John Philip Sousa

You Won’t Believe What Else John Philip Sousa Did On the Fourth of July!

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By Ken Zurski

On July 4, 1900, at the newly opened World’s Fair in Paris, France, after another rousing rendition of “The Stars and Striped Forever,”conductor John Philip Sousa and several of his band members donned a baggy pair of trousers, hat and glove and went out to play an exhibition game of baseball.

Sousa. known as the “March King” at the time for his inspiring and mostly patriotic musical marches, was in Europe for an extended concert tour, the first ever for a band its size.

But like music, Sousa also had a passion for baseball. So he formed a team.

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Sousa was said to be in excellent pitcher and started most games on the mound. He threw competitively until his skills waned with age.  “If baseball has a drawback,” he once wrote, “it is the early time of life at which the player is forced to retire and give way to younger blood.”

Back home in America, baseball commissioner Kenesaw Mountain Landis took advantage of Sousa’s love for baseball and asked him to compose a march for the 50th  anniversary of the National League. In 1925, Sousa delivered with the composition called “The National Game.” He dedicated it to the sport.

However, despite the connection to Sousa, even today the song is not well known or as widely played as other tunes associated with baseball, like “Take Me Out to the Ballgame.”

In fact, sadly Sousa’s baseball march is mostly forgotten.

But it was not a song, but a day, July 4, 1900, that Sousa remembers the most.

That day in Paris, Sousa and the band’s team played “a group of nines” from the American Guards. “What could have been more appropriate for two American organizations in a foreign land to do on the glorious Fourth?” Sousa proudly proclaimed about that particular game.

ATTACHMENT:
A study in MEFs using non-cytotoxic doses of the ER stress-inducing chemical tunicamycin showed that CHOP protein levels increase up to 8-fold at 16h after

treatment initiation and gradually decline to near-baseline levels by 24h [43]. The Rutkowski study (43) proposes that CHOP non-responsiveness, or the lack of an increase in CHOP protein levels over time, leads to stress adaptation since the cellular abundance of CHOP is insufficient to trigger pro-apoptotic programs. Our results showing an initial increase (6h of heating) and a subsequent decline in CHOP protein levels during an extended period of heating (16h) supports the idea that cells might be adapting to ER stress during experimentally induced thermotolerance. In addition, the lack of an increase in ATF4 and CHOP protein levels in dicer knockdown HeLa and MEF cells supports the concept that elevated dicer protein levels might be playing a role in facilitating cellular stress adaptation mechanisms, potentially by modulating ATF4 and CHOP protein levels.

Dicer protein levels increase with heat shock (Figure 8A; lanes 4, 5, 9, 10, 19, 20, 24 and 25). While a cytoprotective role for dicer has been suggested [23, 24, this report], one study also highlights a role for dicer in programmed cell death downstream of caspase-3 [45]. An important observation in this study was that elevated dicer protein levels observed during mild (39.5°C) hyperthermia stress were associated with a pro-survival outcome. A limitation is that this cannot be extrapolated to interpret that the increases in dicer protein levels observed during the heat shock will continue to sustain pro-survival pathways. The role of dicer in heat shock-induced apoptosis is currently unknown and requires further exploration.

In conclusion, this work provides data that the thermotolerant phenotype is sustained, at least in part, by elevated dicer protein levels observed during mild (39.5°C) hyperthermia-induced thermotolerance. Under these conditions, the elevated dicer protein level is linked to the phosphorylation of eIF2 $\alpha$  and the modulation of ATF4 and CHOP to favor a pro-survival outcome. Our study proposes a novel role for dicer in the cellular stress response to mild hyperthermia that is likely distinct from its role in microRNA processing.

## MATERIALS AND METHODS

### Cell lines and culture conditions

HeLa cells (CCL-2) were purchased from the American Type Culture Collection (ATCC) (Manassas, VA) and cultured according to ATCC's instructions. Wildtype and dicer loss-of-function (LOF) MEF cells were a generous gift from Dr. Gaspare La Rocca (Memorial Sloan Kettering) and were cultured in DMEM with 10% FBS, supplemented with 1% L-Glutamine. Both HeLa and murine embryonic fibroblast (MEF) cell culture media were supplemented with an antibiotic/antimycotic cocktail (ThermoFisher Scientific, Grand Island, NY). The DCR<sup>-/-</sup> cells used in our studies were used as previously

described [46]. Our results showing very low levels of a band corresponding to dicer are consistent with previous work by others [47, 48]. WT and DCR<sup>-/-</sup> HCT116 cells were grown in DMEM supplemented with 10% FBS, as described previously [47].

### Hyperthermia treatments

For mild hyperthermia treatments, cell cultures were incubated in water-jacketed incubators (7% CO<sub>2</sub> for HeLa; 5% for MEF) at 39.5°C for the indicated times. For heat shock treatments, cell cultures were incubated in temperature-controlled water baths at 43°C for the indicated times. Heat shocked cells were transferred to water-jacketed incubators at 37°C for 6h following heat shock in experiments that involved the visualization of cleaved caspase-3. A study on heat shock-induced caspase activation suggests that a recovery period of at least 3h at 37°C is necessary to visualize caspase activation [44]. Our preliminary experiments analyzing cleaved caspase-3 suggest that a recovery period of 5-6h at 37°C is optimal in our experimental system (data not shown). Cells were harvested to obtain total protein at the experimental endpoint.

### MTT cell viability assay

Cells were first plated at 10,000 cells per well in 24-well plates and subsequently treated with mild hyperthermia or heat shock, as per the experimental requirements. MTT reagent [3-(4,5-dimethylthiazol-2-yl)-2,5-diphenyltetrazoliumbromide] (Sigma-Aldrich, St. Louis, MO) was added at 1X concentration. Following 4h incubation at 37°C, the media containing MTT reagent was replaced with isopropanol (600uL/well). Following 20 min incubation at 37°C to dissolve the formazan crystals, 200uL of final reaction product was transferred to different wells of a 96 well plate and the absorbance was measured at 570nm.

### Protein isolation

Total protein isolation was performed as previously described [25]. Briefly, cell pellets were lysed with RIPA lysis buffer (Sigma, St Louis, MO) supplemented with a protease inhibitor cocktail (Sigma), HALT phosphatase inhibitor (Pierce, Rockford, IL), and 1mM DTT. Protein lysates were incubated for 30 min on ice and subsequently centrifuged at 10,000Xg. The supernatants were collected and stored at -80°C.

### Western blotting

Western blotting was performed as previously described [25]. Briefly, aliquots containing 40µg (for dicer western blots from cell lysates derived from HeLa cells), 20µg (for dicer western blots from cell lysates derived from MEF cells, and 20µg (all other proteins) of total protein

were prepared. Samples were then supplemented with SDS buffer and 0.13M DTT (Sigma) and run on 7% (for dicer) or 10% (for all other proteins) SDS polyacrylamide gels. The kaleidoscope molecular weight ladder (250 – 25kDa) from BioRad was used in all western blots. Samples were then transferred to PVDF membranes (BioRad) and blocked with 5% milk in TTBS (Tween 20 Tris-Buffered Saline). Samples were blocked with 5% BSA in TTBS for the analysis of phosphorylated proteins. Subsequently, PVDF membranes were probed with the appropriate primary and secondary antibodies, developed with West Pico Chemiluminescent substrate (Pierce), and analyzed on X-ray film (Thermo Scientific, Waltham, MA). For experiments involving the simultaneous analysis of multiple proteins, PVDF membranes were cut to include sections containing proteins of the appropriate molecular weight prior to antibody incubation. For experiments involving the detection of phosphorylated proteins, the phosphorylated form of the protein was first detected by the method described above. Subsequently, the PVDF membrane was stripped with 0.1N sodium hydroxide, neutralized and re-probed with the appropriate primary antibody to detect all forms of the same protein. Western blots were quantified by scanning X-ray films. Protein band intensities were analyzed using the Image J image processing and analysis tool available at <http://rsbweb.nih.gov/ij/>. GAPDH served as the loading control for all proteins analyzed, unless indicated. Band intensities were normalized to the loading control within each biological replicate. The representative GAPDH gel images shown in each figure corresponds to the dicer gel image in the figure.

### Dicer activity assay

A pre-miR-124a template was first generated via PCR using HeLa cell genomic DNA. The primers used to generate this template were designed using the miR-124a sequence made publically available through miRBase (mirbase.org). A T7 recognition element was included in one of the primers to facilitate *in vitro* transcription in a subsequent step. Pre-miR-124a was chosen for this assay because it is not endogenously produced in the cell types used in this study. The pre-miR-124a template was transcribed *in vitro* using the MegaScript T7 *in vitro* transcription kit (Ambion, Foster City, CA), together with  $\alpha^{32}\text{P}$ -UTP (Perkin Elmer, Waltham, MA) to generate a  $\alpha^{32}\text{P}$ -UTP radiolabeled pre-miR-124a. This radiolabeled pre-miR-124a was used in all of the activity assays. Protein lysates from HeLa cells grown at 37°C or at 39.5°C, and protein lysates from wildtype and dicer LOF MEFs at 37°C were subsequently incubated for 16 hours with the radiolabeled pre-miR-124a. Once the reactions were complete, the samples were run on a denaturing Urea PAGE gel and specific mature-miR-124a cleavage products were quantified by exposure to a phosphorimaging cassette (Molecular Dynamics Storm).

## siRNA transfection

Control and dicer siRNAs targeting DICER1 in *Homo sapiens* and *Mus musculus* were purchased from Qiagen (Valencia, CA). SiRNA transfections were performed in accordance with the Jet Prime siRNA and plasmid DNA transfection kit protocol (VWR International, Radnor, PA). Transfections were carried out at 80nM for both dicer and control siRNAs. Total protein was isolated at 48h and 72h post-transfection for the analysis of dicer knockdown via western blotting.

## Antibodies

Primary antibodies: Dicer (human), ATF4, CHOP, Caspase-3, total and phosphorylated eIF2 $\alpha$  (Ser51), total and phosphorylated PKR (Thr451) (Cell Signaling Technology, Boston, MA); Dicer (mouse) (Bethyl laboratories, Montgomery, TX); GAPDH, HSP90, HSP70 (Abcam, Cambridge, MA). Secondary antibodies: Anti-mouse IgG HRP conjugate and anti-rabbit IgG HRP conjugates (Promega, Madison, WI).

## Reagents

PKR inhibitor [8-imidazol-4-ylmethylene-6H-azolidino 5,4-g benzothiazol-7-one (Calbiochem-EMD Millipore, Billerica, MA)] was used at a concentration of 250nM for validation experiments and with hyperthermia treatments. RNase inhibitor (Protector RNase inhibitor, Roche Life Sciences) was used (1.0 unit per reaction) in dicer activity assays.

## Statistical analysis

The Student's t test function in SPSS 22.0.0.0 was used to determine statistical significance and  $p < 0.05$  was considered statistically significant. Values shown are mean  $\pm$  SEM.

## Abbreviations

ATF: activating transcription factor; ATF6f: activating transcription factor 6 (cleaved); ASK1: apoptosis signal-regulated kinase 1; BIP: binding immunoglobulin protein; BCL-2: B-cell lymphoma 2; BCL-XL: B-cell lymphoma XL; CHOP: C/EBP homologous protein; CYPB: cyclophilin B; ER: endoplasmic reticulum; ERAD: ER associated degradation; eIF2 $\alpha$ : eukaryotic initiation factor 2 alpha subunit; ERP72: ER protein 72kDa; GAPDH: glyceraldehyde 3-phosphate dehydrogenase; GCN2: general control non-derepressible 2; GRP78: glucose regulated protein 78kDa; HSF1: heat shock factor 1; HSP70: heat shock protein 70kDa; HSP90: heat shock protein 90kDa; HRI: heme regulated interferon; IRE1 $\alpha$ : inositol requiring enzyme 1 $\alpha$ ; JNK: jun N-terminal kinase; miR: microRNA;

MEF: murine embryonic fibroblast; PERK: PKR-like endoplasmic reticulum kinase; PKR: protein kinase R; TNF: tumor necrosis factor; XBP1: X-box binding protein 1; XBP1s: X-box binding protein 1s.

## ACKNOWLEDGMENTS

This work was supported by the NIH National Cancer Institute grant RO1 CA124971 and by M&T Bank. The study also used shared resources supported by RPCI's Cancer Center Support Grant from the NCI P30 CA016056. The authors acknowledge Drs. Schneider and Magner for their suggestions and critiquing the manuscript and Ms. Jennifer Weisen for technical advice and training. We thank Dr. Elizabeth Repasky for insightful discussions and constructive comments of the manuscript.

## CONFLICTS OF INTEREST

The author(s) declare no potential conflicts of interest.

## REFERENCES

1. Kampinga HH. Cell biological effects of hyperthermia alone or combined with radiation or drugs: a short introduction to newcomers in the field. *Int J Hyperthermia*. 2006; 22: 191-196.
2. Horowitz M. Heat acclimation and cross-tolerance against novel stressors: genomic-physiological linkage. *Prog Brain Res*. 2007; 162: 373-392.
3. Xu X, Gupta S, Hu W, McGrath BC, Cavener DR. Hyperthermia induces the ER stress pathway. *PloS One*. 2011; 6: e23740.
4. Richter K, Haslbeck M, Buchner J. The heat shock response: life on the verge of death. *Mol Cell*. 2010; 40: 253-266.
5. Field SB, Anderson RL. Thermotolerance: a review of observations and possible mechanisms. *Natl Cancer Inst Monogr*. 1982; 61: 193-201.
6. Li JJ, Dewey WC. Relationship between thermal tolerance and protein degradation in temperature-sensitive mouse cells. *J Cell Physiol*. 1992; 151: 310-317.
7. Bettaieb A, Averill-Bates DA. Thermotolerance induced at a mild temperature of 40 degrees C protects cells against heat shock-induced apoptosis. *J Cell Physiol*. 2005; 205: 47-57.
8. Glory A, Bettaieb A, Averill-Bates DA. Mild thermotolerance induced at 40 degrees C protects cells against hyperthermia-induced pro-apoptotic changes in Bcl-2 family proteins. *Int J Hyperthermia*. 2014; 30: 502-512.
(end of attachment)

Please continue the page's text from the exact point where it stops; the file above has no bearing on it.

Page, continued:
The ‘Brain Band’ of John Philip Sousa: “It Persisted in Crashing into My Very Soul”

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By Ken Zurski

Bandleader and composer John Philip Sousa was never one to hurry a piece of music. A tune would come to him and he would play it over and over in his head until it was just right – or as he called it, the “brain band” would perform it before a single note was ever recorded.

That’s exactly what happened in 1896, while Sousa was returning from a trip overseas.

Sousa was forced to cut the trip short after receiving news that his longtime manager had passed away. Pacing the deck of the steamer Teutonic, Sousa heard a tune in his head and the “brain band” took over.

“Day after day,” he said,” as I walked, it persisted in crashing into my very soul.”

When Sousa returned to America, he set it to paper: “It was a genuine inspiration, irresistible, complete, and definite and I could not rest until I had finished the composition.”

“Stars and Stripes Forever” quickly became Sousa’s most popular march.

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‘Giant’ Tuba Players Were a Hallmark of Sousa’s Band

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John Philip Sousa

By Ken Zurski

John Philip Sousa, known affectionately as the “March King,” not only composed stirring music for marching bands, he helped define it as well. Disappointed by the sound of the standard B-flat bass tuba – the one with the circular bell opening in front – Sousa sought to make it better. “It was all right enough for street-parade work,” Sousa wrote about the front-facing tuba, “but its tone was apt to shoot ahead too prominently and explosively to suit me for concert performances.”